I’ve been thinking a lot of how to get artists into video games.

I think animators are a lot of the way there. There is a certain understanding of movement that an animator has that also helps with video games.

I’ve mentioned Anna Anthropy in a couple posts. She has a book that is the one I’ve seen that seems most written for someone who is an artist but doesn’t assume you know anything about video games.

Some of it might be out of date. When she discusses possible tools you could work with, there’s no mention of Unity which has become pretty promising, so I’ll try to explain here.

Unity is a game development environment. There’s a free version, which limits you from some things the pro version does, but is still very powerful. It lets you output the game as a program for Windows or Mac, or output a file that’s used by the Unity web player. (Which lets people play your game in their web browser, as long as they’ve installed the Unity plugin.)

It will require more technical capability from you than making a Twine game, for example. How much more depends a lot on the mechanics of the game you’re trying to make. It’s easiest when you just go with the flow of what capabilities are already built into the game. If you look at my game Party Business, programming the cake was fairly straightforward, because it relies heavily on the pre-programmed physics of what’s called a RigidBody. Programming the forks was more difficult, since I couldn’t use a pre-programmed element for deciding they are close enough to the cake to attack, or to make them follow the path of the maze. So I could see someone without any programming experience figuring out how to do the former through persistence, but not the latter.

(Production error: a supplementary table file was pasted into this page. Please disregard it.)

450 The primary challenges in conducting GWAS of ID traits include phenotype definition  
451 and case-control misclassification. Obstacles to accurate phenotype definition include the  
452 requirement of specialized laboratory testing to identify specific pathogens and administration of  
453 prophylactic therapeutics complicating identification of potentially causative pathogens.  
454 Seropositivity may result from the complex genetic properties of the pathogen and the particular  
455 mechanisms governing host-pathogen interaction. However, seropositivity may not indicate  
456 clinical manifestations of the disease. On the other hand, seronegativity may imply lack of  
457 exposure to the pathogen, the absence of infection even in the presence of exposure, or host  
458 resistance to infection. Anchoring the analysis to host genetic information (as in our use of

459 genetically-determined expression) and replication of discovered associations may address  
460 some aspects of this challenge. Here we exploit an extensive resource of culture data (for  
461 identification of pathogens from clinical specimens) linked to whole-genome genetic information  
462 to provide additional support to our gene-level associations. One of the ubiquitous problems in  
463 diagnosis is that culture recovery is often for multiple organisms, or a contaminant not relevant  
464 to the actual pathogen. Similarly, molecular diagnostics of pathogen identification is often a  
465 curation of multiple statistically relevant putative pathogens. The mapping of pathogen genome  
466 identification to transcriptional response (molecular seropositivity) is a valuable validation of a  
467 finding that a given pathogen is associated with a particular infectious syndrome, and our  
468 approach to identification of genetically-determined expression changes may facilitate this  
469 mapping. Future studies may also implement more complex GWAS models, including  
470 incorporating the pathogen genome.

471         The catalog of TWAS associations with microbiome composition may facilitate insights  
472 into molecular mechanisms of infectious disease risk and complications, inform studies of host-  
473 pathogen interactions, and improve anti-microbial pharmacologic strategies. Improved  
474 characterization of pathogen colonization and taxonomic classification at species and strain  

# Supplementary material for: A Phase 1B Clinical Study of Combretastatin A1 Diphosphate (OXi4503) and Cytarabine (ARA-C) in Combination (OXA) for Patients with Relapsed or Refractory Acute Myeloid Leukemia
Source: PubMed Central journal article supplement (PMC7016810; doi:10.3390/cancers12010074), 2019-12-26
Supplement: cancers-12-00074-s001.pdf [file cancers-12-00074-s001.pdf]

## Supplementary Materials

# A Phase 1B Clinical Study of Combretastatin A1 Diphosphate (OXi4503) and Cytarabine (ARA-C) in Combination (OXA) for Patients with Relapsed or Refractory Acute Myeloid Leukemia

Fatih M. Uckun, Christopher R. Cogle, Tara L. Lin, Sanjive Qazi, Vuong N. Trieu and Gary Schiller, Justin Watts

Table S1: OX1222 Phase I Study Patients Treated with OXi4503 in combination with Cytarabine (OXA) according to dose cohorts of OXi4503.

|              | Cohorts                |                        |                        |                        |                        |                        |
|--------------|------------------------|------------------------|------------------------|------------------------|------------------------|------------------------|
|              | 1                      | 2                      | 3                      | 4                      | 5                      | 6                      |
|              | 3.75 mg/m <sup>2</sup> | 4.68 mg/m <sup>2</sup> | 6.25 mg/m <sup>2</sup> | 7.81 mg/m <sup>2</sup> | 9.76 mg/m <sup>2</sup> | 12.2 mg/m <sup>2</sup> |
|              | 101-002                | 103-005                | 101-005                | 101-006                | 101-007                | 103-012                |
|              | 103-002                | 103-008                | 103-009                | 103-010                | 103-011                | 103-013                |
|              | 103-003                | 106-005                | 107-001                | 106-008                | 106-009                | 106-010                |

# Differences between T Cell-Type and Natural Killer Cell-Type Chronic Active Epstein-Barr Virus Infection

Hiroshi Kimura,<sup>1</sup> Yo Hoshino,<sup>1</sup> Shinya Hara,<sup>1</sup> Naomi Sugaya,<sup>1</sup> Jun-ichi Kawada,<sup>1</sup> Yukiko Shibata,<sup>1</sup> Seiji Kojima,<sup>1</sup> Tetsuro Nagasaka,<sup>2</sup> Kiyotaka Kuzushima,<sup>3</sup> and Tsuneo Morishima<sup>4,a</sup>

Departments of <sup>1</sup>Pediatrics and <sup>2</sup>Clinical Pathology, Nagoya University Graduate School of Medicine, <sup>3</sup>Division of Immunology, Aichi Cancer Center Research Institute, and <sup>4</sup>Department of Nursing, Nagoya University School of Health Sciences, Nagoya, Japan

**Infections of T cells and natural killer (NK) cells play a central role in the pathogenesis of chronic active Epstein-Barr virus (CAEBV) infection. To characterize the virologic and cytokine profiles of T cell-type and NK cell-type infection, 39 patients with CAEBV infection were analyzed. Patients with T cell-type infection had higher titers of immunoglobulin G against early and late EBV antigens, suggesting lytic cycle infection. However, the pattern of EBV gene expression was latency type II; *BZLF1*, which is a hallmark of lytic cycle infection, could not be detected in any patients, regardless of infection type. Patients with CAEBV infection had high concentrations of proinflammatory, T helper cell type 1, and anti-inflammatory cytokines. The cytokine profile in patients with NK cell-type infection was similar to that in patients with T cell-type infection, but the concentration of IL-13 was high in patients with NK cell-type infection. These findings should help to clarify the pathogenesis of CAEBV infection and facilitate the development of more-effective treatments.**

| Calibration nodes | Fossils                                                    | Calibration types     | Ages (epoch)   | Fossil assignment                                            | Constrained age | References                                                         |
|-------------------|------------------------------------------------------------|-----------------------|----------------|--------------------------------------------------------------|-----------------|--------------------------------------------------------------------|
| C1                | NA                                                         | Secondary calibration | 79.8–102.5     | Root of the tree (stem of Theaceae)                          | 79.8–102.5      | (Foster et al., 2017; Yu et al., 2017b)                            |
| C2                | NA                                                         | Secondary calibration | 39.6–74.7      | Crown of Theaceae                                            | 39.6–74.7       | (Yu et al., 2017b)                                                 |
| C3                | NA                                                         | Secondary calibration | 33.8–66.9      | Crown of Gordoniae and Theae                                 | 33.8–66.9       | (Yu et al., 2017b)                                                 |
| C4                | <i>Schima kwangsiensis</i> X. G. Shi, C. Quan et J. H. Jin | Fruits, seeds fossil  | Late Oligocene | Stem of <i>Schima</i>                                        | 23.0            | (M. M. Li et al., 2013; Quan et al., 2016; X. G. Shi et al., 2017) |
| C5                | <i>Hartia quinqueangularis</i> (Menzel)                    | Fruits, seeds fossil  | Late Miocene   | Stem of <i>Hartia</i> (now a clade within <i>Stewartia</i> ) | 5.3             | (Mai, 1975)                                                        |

There’s also the 2D vs. 3D issue. Before Unity, I had experience making games in Flash, but they were always 2D games. I still sometimes have trouble wrapping my head around how Unity represents rotations numerically, using what’s called a Quaternion. Unity is capable of making 2D games, like my game Spitty Octopus and if you’re new to this, sticking to 2D is a good way to keep it from being too complex. It also means you can make your game graphics as images instead of dealing with 3D modeling, which is another thing I’ve just barely begun to figure out.

Also once you’ve made a game, how do you get it out there? Two places I like that aren’t mentioned in Anthropy’s book are and Gamejolt.